No One Else Can Have You
By Kathleen Hale
Sometimes a book receives notoriety and it’s tempting to read it to find out why. And sometimes that turns out to be a mistake.
No One Else Can Have You is billed as a darkly comic tale of a
16-year-old coming to terms with the death of her best, and only, friend
in a dull and creepy town. Her mother died several years ago so she’s
had experience with it.
Earlier this year, Hale’s novel gained attention when she tracked down a
person egging on negative reviews of her novel and wrote about it in
the Guardian. Then that received a backlash. So I had to find out what
had caused all the fuss and fortunately had an ARC of the novel.
Fortunately, because I didn’t have to pay for it. Hale’s protagonist has
a sardonic voice and the author has a dark view of small-town
Wisconsin, where everyone is a hypocrite, drunk and a hunter. The
protagonist, Kippy, had one friend, Ruth. But Ruth was killed and her
body left in a corn maze after horrible things were done to it. Was the
deed done by her vandalizing, womanizing boyfriend? Was the killer the
middle-aged attorney in town who also was shagging Ruth? Or was it
Ruth’s brother comes home from serving in Afghanistan; he shot his
finger off when Ruth was killed in an attempt to be sent home and now
has a dishonorable discharge as the least of his problems.
Kippy’s father is a school counselor, calls her ridiculous names and
keeps her close by. Their friend across the street lives by himself ever
since his parents died in a truck accident when it collided with a
deer. He mostly plays video games and collects stuff, but he was Kippy's
babysitter and seems to be about the calmest, rational character in the
When Ruth’s boyfriend is arrested, despite every indication that he
didn’t do it (especially when there is a subsequent murder), Kippy
decides to find out who really killed Ruth. The sheriff doesn’t care who
really did it because Ruth’s boyfriend also tried to have his way with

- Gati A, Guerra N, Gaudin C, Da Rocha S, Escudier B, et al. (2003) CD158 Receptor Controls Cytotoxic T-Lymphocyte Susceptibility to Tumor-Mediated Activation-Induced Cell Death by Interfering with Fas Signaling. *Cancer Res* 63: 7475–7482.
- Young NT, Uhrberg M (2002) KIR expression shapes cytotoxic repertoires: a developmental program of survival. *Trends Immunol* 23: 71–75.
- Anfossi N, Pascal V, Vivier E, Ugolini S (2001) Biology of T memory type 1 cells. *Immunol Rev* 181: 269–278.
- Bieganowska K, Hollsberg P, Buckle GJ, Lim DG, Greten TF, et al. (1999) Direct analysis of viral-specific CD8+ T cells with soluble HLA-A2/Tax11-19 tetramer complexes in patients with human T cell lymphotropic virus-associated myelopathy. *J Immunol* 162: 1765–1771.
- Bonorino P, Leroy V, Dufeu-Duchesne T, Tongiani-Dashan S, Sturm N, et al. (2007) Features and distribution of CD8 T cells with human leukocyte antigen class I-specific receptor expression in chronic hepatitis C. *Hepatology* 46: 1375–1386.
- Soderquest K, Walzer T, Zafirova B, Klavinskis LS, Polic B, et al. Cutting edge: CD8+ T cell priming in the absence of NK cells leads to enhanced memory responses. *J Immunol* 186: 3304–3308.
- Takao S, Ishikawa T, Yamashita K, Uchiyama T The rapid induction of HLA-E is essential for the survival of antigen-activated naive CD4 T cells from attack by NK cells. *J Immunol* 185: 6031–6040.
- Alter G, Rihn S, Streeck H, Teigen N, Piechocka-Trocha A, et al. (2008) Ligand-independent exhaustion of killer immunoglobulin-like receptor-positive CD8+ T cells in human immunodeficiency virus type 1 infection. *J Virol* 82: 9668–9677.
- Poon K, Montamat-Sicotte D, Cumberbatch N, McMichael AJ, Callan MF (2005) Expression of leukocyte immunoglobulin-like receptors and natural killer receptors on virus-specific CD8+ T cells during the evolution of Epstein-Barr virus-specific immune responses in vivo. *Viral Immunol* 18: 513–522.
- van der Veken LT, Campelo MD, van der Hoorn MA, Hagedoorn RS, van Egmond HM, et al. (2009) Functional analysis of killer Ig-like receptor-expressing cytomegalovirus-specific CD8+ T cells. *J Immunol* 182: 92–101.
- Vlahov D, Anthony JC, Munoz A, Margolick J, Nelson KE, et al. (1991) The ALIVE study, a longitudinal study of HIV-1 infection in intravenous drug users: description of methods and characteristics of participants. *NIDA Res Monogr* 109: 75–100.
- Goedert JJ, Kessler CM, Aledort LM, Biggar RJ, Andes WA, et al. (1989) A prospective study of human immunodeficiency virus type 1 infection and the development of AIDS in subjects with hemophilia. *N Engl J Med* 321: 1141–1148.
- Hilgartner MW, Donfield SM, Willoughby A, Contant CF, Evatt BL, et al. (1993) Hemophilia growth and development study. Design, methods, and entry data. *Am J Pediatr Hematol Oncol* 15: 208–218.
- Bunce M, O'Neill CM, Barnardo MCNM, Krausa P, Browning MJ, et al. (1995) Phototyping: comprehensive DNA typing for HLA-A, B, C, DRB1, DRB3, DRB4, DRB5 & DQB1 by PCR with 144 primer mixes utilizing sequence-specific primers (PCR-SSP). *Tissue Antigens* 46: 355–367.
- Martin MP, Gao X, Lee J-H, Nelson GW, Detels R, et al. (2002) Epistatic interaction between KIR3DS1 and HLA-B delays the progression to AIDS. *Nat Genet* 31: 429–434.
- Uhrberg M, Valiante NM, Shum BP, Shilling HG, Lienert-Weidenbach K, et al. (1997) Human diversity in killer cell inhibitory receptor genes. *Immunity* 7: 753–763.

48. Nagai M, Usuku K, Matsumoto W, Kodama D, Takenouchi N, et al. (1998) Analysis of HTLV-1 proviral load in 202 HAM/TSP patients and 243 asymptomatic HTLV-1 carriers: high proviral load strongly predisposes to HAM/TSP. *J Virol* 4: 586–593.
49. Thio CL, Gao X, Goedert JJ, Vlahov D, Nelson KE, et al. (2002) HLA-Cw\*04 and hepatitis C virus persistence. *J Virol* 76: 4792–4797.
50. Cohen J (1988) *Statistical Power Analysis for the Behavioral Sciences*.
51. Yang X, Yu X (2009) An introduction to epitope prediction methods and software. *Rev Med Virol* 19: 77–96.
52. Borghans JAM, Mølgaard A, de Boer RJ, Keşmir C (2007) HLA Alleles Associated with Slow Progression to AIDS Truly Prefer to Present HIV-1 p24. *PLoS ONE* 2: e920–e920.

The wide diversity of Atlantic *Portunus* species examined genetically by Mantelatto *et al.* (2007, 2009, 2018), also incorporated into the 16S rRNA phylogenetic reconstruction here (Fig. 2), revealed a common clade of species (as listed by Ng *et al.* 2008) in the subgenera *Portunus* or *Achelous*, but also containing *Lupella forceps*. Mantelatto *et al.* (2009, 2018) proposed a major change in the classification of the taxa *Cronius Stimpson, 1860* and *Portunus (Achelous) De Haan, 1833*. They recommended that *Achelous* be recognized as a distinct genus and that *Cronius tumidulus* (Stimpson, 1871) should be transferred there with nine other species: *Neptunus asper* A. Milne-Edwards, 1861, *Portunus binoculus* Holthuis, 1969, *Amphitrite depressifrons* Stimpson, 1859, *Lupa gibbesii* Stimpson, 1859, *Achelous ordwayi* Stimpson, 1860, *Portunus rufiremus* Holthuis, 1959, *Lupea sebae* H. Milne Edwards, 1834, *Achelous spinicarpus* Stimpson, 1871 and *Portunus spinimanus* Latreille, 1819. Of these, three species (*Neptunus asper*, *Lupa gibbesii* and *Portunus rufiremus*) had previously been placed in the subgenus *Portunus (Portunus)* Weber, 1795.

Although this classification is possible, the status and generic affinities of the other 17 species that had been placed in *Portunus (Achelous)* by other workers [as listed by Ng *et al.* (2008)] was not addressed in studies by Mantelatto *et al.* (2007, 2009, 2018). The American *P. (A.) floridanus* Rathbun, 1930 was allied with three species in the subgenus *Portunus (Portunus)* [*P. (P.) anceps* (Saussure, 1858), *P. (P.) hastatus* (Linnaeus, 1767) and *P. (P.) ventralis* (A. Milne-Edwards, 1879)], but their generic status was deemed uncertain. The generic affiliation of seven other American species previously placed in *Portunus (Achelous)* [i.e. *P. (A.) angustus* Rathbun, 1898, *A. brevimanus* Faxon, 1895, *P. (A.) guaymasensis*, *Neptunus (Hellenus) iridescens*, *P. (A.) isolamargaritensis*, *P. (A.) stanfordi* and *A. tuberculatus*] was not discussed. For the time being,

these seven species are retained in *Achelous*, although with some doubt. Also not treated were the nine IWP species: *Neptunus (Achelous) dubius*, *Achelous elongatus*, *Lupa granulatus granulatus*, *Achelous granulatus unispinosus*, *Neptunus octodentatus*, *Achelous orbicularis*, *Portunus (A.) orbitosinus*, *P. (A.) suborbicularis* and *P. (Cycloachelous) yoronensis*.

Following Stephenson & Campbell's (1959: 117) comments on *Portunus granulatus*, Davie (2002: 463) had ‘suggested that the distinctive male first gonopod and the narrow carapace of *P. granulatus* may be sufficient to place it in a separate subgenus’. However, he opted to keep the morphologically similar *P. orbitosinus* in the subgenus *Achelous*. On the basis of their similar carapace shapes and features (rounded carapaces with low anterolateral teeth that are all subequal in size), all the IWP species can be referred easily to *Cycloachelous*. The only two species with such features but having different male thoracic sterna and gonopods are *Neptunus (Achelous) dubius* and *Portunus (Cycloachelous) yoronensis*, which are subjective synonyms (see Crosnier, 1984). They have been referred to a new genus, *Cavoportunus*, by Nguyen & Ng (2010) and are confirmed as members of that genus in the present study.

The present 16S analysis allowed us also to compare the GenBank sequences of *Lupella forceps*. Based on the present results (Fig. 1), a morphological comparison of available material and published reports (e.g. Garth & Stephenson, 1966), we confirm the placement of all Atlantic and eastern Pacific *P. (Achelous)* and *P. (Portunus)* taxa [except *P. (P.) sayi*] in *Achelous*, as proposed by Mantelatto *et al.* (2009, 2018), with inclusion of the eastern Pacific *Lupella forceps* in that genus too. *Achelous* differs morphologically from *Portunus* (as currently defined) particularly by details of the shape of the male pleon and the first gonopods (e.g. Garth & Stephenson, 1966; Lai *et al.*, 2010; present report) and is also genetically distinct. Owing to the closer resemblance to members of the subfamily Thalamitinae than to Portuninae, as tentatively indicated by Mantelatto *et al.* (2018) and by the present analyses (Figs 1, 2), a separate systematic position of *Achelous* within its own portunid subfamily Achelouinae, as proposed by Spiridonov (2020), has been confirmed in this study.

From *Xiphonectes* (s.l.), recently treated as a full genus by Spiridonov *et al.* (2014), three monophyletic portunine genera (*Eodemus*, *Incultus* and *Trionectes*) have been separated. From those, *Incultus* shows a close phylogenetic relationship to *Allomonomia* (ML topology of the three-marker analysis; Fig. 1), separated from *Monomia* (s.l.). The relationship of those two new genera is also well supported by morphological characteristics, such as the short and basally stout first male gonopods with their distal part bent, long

his daughter and he hasn’t forgiven the kid.
All the relationships in the book are tainted in similar ways. The
language used throughout is very fond of certain Anglo-Saxon terms.
Everyone lives on beer and meat; the one time Kippy asks her father for a
salad is sad and typical of the way Hale's story condemns everything
Kippy sees. After Kippy’s father catches her trying to solve the murder,
he has her committed to a mental hospital. Pre-publication publicity
compared the novel to Fargo, and that was not accurate.
This novel disappointed on so many levels -- characterization, plotting,
who the killer was. But overall, the biggest disappointment is that
Hale's novel would have been so much more with some finesse. The
sardonic tone is wonderful but the world is describes is so OTT that it
doesn't matter. Not much of anything matters in Kippy's world. If you
care, you get sent to the looney bin.
Ironically enough, that original review's complaint about the book
apologizing for rape that set Hale off to stalking the reviewer? Didn't
see that part in the actual ARC, unless the reviewer meant the subplot
where the middle-age attorney shags the teenage murder victim in a
consensual relationship. For fiction that's far worse in that regard,
there's always a certain novel by Greg Iles.
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